Lark Owen Daniel Sr. (1866-1927) was a wealthy businessman who made big money from… hats! He sold a lot of hats through his wholesale millinery company, and he was also involved in some spectacular real estate dealings (a newspaper article in 1907 mentioned he had just sold a couple of lots on Elm Street for $30,000 — if you believe online inflation calculators, that would be the equivalent of almost a million dollars in today’s money!). As a proven earner of big bucks, he was also the first president of the Dallas Chamber of Commerce.

Even before that huge real estate sale, Daniel was swimming in hat-cash. In 1901 he bought 27 acres near the Fort Worth Interurban rail line and built a 5,000-square-foot, 3-story, 15-room Victorian mansion. He named the house “Cedar Crest.” I don’t know if it was technically in Oak Cliff at that point, but it was definitely outside the Dallas city limits. This is the way Daniel’s address appeared in the 1910 city directory:

daniel-l-o_directory_19101910 Dallas directory

And here’s a photo of an interurban trundling along, uncomfortably close to the house:

cedar-crest_interurban_oak-cliff-advocate

The luxurious splendor of the somewhat isolated Cedar Crest apparently emitted a high-pitched siren-call which was frequently heard by area bandits: it was burgled quite a few times (at least 3 times in one 12-month period). After one incident in which a burglar wandered through the house in the dead of night and woke Mrs. Daniel as he stood over her as she lay in bed, Oak Cliff police said that they found no trace of the trespasser but saw where he had hitched his horse and get-away buggy, out back in the orchard. In another incident a few months later, Mrs. Daniel — who had been alerted by an employee that the family car was about to be stolen from the “automobile house” — ran out to the garage armed with a revolver and fired three shots at the thieves, scaring them away (I don’t think she was attempting to fire warning shots — I think she fired AT them). This may seem extreme, but the newspaper noted that the value of the car (in 1915) was an eye-watering $4,000 (more than $110,000 in today’s money!). I don’t know where Mr. Daniel was during all this, but Mrs. Daniel was not about to let that car go anywhere!

One summer, the Daniels rented out Cedar Crest while they vacationed elsewhere. The ad in the paper specified that only “responsible parties without small children” were welcome. I hate to keep harping on about the money, but a two-month stay at L. O.’s “beautiful country home” would set some responsible childless person/s back a cool $300 (almost $9,000 in today’s money). (Who would pay such an exorbitant amount of money to stay in an un-airconditioned house in North Texas during the height of the summer?)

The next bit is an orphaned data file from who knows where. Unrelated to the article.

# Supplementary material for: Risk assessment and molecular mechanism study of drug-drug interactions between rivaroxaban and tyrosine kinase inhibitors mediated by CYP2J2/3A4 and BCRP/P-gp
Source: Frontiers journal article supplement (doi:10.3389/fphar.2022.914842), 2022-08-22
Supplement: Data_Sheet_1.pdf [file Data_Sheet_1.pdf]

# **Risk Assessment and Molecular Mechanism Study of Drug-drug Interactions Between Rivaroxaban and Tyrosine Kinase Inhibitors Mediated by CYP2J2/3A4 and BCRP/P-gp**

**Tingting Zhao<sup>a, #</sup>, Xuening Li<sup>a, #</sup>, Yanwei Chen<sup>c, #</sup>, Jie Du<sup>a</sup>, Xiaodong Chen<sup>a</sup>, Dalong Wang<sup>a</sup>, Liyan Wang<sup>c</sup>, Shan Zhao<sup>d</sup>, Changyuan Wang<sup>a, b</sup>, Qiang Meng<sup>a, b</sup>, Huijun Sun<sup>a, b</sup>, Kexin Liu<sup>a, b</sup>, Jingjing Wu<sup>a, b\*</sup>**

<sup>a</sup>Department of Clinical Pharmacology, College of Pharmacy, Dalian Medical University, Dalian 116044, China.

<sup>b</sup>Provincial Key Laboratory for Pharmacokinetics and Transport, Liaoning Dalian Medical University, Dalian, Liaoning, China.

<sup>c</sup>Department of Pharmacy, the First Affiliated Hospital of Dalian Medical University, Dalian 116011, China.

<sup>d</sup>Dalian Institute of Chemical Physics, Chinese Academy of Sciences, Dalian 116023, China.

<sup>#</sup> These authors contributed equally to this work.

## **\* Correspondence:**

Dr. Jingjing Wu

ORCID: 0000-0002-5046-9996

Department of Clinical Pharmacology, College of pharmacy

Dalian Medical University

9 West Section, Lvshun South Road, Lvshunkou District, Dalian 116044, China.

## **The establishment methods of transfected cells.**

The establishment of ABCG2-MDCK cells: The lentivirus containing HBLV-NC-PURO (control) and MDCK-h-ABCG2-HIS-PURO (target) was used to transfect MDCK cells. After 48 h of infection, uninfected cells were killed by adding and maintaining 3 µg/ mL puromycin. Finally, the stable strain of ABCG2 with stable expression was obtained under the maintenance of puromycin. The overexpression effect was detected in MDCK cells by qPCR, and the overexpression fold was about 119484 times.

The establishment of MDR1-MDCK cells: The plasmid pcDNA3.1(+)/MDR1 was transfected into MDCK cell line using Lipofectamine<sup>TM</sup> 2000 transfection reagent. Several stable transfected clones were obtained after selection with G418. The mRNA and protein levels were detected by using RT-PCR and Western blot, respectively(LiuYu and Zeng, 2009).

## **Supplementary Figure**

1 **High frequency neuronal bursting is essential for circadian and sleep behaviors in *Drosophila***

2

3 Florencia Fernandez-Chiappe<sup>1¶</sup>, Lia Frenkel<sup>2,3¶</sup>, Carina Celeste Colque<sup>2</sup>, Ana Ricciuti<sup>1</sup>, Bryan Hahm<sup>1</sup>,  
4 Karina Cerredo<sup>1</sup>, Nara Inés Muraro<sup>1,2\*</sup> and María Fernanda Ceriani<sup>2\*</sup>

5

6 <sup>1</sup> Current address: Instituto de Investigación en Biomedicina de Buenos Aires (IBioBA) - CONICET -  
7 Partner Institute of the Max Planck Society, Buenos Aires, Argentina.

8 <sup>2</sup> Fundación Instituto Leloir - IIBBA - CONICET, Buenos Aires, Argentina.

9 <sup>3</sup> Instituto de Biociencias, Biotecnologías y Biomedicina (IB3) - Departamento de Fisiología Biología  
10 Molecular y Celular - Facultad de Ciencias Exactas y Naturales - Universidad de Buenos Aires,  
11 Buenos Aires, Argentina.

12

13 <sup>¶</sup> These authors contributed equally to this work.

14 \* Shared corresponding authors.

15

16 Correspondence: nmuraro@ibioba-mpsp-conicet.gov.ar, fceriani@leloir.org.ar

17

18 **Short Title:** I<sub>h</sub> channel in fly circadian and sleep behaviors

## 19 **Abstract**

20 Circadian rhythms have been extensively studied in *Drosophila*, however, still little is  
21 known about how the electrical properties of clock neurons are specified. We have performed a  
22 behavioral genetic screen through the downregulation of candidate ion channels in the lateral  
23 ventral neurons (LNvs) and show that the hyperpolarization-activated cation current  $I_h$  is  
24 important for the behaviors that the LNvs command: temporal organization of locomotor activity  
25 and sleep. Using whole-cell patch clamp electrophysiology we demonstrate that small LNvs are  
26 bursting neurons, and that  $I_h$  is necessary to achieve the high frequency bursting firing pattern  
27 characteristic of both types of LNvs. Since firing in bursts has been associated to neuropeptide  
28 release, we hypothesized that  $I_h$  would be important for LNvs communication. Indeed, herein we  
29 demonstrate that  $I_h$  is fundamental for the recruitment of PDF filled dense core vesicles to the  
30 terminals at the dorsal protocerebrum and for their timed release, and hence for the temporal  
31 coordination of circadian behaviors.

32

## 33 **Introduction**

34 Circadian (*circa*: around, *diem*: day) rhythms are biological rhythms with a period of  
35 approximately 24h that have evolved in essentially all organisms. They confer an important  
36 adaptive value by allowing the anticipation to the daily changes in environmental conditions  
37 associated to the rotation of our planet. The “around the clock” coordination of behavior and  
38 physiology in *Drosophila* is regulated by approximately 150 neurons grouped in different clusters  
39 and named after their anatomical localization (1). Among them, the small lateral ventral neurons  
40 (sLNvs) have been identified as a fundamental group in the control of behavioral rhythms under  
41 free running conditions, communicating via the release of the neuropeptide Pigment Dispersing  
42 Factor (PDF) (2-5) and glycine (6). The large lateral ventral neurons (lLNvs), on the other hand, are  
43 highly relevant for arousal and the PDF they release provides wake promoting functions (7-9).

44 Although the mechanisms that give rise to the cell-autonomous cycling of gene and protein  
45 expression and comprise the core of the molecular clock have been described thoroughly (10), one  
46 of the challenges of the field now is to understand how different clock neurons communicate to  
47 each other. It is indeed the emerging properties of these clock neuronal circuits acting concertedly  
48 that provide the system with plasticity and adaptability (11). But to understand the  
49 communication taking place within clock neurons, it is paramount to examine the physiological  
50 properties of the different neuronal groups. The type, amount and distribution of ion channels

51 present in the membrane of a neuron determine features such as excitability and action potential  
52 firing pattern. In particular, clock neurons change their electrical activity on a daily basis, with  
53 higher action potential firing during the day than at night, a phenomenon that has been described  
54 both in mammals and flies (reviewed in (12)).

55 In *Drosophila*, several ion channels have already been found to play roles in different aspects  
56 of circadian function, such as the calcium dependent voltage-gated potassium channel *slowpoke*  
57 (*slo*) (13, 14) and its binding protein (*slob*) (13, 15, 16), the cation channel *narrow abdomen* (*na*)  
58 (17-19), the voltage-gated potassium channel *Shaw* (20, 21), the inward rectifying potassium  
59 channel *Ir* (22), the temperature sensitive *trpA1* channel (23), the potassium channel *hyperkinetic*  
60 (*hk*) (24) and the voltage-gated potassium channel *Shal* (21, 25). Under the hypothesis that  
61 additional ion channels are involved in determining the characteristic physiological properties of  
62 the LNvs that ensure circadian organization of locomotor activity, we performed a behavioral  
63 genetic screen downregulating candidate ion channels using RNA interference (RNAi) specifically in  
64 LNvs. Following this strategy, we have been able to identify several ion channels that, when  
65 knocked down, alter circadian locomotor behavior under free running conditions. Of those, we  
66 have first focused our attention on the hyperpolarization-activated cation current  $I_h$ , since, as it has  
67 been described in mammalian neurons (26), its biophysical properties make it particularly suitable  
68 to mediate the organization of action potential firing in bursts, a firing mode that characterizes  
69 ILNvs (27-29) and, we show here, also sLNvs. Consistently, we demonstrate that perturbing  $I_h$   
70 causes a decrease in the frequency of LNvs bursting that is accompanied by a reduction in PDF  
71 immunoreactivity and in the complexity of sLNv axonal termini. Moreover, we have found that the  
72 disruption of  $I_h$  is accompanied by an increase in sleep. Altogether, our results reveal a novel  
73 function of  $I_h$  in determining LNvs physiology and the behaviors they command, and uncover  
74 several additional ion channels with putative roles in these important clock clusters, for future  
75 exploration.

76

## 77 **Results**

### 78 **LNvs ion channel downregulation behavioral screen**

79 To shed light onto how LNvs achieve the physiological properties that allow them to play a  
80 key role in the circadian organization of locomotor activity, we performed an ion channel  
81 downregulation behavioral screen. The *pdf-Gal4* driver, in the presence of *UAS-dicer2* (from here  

daniel_house-for-rent_summer-1912
Summer 1912

L. O. Daniel died in Feb. 1927. His business empire was closed down, and the large Cedar Crest swath of land he owned was put up for sale in 1929.

daniel_cedar-crest_april-1929April 1929

I’m not sure what happened with that specific transaction, but his son, L. O. Daniel Jr., ended up breaking that land up into parcels and selling residential lots as part of the “L. O. Daniel Jr. Addition,” beginning in about 1940.

daniel-addition_june-1940_mapJune 1940

daniel-addition_nov-1940November 1940

*

This beautiful house is — somehow — still standing. It is located at 2223 West Jefferson in Oak Cliff, facing Sunset High School (see it on Google Street View here). Over the years the mansion fell into disrepair, but in the early ’80s the house was restored by two men — Martin Rubin and Earl Remmel — and it received historical landmark status in 1984. Cedar Crest was purchased a few years ago and has gone through additional restoration/renovation — it currently serves as the impressive law offices for the firm of Durham, Pittard & Spalding.

There are lots of photos online. View some on the Zillow site — which show what it looked like before it was recently updated — here. See some really beautiful photos on CedarCrestOakCliff.com, here. I particularly love this one:

cedar-crest_entry_cedar-crest-oak-cliff-dot-com

**

It shouldn’t have been so hard to find a photo of L. O. — but this is about all I could find. Followed by a hats-hats-hats! ad.

daniel_l-o_photo

daniel_oct-1915_adOct. 1915

***

Sources & Notes

Postcard at top (circa 1909) found a few years ago on the Flickr stream of Coltera (not sure if he’s still posting there — if not, that’s a shame, because he had amazing things!).

Photo of the interurban from the 2017 Oak Cliff Advocate article “Law Firm Renovates Historic Mansion on Jefferson” by Rachel Stone (click the link at the bottom of the article to read a piece published in Texas Lawyer which includes information on specific restoration/renovation work done on the house).